The source of Gordon's disappointment is the Direct Marketing Association's apparent rejection of the IPA's "big tent plans, which would see the creation of an umbrella trade body to represent the entire communications industry.
Following meetings with the IPA, the DMA has rejected proposals to share offices and merge its agency section to help create the single trade body the IPA has envisioned. Instead, it says it will continue to work alongside the IPA as and when it deems necessary. James Kelly, the DMA's managing director, said he saw no point in joining forces with the IPA at present, and said that his organisation would continue to represent agencies alongside its other members, which include suppliers, printers and clients.
It's certainly a spanner in the IPA's works, as the DMA's agency membership now tops 200, a considerable chunk of the industry and a valuable source of potential revenue. The "big tent plans will continue with the backing of the Public Relations Consultants Association and the Marketing Communications Consultants Association; however, there's no denying that the DMA's reluctance is a significant setback.
Dave Poole, the chairman of DP&A and the chairman of the DMA's agencies council board, claims it boils down to issues of logistics and practicality. "It doesn't make sense for the DMA to up sticks and move from its current offices, as the lease has just been renewed, he argues.
However, the decision to draw back from the IPA initiative could serve to expose some of the long-term frustrations of the DMA's membership.
Gordon's gripe comes from the broad remit of the DMA, which he claims prevents it from tackling agency-focused issues in anything other than a notional way. He adds that the time is right for the body to liaise with the more agency-focused IPA to provide the best possible representation for its direct agency members.
"The DMA has a huge remit, and a great reputation for campaigning on behalf of the industry, but from an agency point of view, the IPA has a much clearer idea of the way in which we work, and what concerns us, he says. WAVV is a member of both the IPA and the DMA, but Gordon says the move to collaborate would improve the agency support to smaller DMA member agencies.
The DMA has spent the best part of a year restructuring to allow for differences of agenda among its varied membership, but many still feel a tie-up would be beneficial. Creatives, in particular, feel distant from the organisation's culture, which many claim favours big clients such as Royal Mail and companies which work across a whole range of DM-related industries such as printing, reproduction and database management. The Leonardo creative director, Gary Sharpen, says: "I don't really feel like the DMA connects with me on a creative level. It's not on my radar in the way that the D&AD is."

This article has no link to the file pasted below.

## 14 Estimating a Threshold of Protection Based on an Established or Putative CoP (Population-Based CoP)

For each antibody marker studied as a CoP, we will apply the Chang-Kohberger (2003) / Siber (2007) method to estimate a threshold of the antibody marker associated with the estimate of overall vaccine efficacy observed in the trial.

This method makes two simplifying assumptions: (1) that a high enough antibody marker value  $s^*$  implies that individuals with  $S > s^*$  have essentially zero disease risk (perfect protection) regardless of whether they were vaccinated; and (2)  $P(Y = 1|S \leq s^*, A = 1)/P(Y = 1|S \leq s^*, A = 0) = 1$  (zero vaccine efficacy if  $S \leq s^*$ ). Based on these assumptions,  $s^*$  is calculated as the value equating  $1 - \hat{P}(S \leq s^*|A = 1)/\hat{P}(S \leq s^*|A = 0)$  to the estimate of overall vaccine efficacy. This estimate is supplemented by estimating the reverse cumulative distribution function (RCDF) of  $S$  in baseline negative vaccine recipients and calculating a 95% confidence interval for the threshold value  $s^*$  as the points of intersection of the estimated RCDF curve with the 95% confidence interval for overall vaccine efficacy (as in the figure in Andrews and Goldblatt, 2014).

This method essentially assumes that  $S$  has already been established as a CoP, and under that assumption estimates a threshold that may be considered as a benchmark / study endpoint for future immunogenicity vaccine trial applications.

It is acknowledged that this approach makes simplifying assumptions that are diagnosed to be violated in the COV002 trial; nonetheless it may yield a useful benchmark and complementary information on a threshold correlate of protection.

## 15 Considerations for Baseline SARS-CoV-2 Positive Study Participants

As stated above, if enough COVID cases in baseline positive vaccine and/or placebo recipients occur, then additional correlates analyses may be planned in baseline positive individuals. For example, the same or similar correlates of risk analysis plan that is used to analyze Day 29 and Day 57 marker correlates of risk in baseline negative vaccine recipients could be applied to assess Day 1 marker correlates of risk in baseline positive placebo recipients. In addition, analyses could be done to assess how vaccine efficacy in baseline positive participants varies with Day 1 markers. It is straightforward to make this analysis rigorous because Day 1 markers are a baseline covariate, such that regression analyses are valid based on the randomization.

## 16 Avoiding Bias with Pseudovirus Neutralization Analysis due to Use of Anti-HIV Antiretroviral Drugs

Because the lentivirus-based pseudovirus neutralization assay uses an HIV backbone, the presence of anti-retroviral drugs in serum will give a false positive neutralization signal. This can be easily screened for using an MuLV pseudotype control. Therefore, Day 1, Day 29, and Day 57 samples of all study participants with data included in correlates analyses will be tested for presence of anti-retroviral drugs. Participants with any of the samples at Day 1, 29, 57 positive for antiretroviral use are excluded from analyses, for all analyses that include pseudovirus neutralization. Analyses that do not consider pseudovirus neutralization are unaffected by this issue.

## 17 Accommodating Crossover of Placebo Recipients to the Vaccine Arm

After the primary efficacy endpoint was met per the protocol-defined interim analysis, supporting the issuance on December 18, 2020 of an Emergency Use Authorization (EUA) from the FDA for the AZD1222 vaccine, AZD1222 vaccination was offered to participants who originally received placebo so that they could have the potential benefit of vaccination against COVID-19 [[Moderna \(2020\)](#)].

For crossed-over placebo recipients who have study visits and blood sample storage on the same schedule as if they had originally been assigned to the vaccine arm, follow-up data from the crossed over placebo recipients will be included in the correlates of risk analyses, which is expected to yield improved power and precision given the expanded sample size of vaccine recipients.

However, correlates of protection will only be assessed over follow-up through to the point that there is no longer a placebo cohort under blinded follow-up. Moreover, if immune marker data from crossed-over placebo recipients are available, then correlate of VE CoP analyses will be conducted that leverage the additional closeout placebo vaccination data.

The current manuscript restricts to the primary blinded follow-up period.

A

However, Simon Kershaw, the creative director of Craik Jones Watson Mitchell Voelkel and the chairman of the DMA creative council, says its awards are highly respected, and is unimpressed with the IPA's level of commitment to its above-the-line creative members. "I'm not sure that the IPA could do a better job for us, he says. "Sure, the DMA has taken a while to recognise the importance of agencies, but that is changing." Another well-placed source hinted at more agency-related proposals from the DMA. Initiatives in the pipeline could include the body helping agencies with business development.
The DMA's rejection of the umbrella initiative has opened up the possibility of a turf war, with sources hinting at IPA retaliation through a recruitment drive aimed at direct agencies. But despite the irritation of DMA members, Gordon insists that most will remain loyal. "We would never walk away from the DMA, he stresses. "It's a crucial part of our industry, and does essential work on our behalf."
Partners Andrews Aldridge's managing partner, Phil Andrews, feels the same. "Our membership is valuable, he says. "And I can't see us ever leaving the DMA."
The IPA chairman, Bruce Haines, is keen to assert the body's intentions for the "big tent are still very much hypothetical, and stresses, "this is not an attempt by the IPA to take over the running of another trade organisation". He acknowledges the difficulty of shoe-horning the DMA's tripartite structure into the workings of other organisations more focused on the agency side, and wants to continue working with Kelly in a more informal way.
Haines also dismisses claims that the IPA, aware of the fall in activity for its above-the-line members, will attempt to boost its membership by attracting those agencies working in the more buoyant below-the-line sector. "This move is about improving the member services for every organisation in the 'big tent', through collaboration and shared back office facilities - it's not about trying to dominate the market, he says.
And to dispel any thoughts that the IPA would benefit financially, Haines says there are no plans to make DMA members pay full membership fees just to become eligible. "The whole object of the exercise is to cut costs. Agencies which belong to other associations will not have to pay more than they do already, he stresses.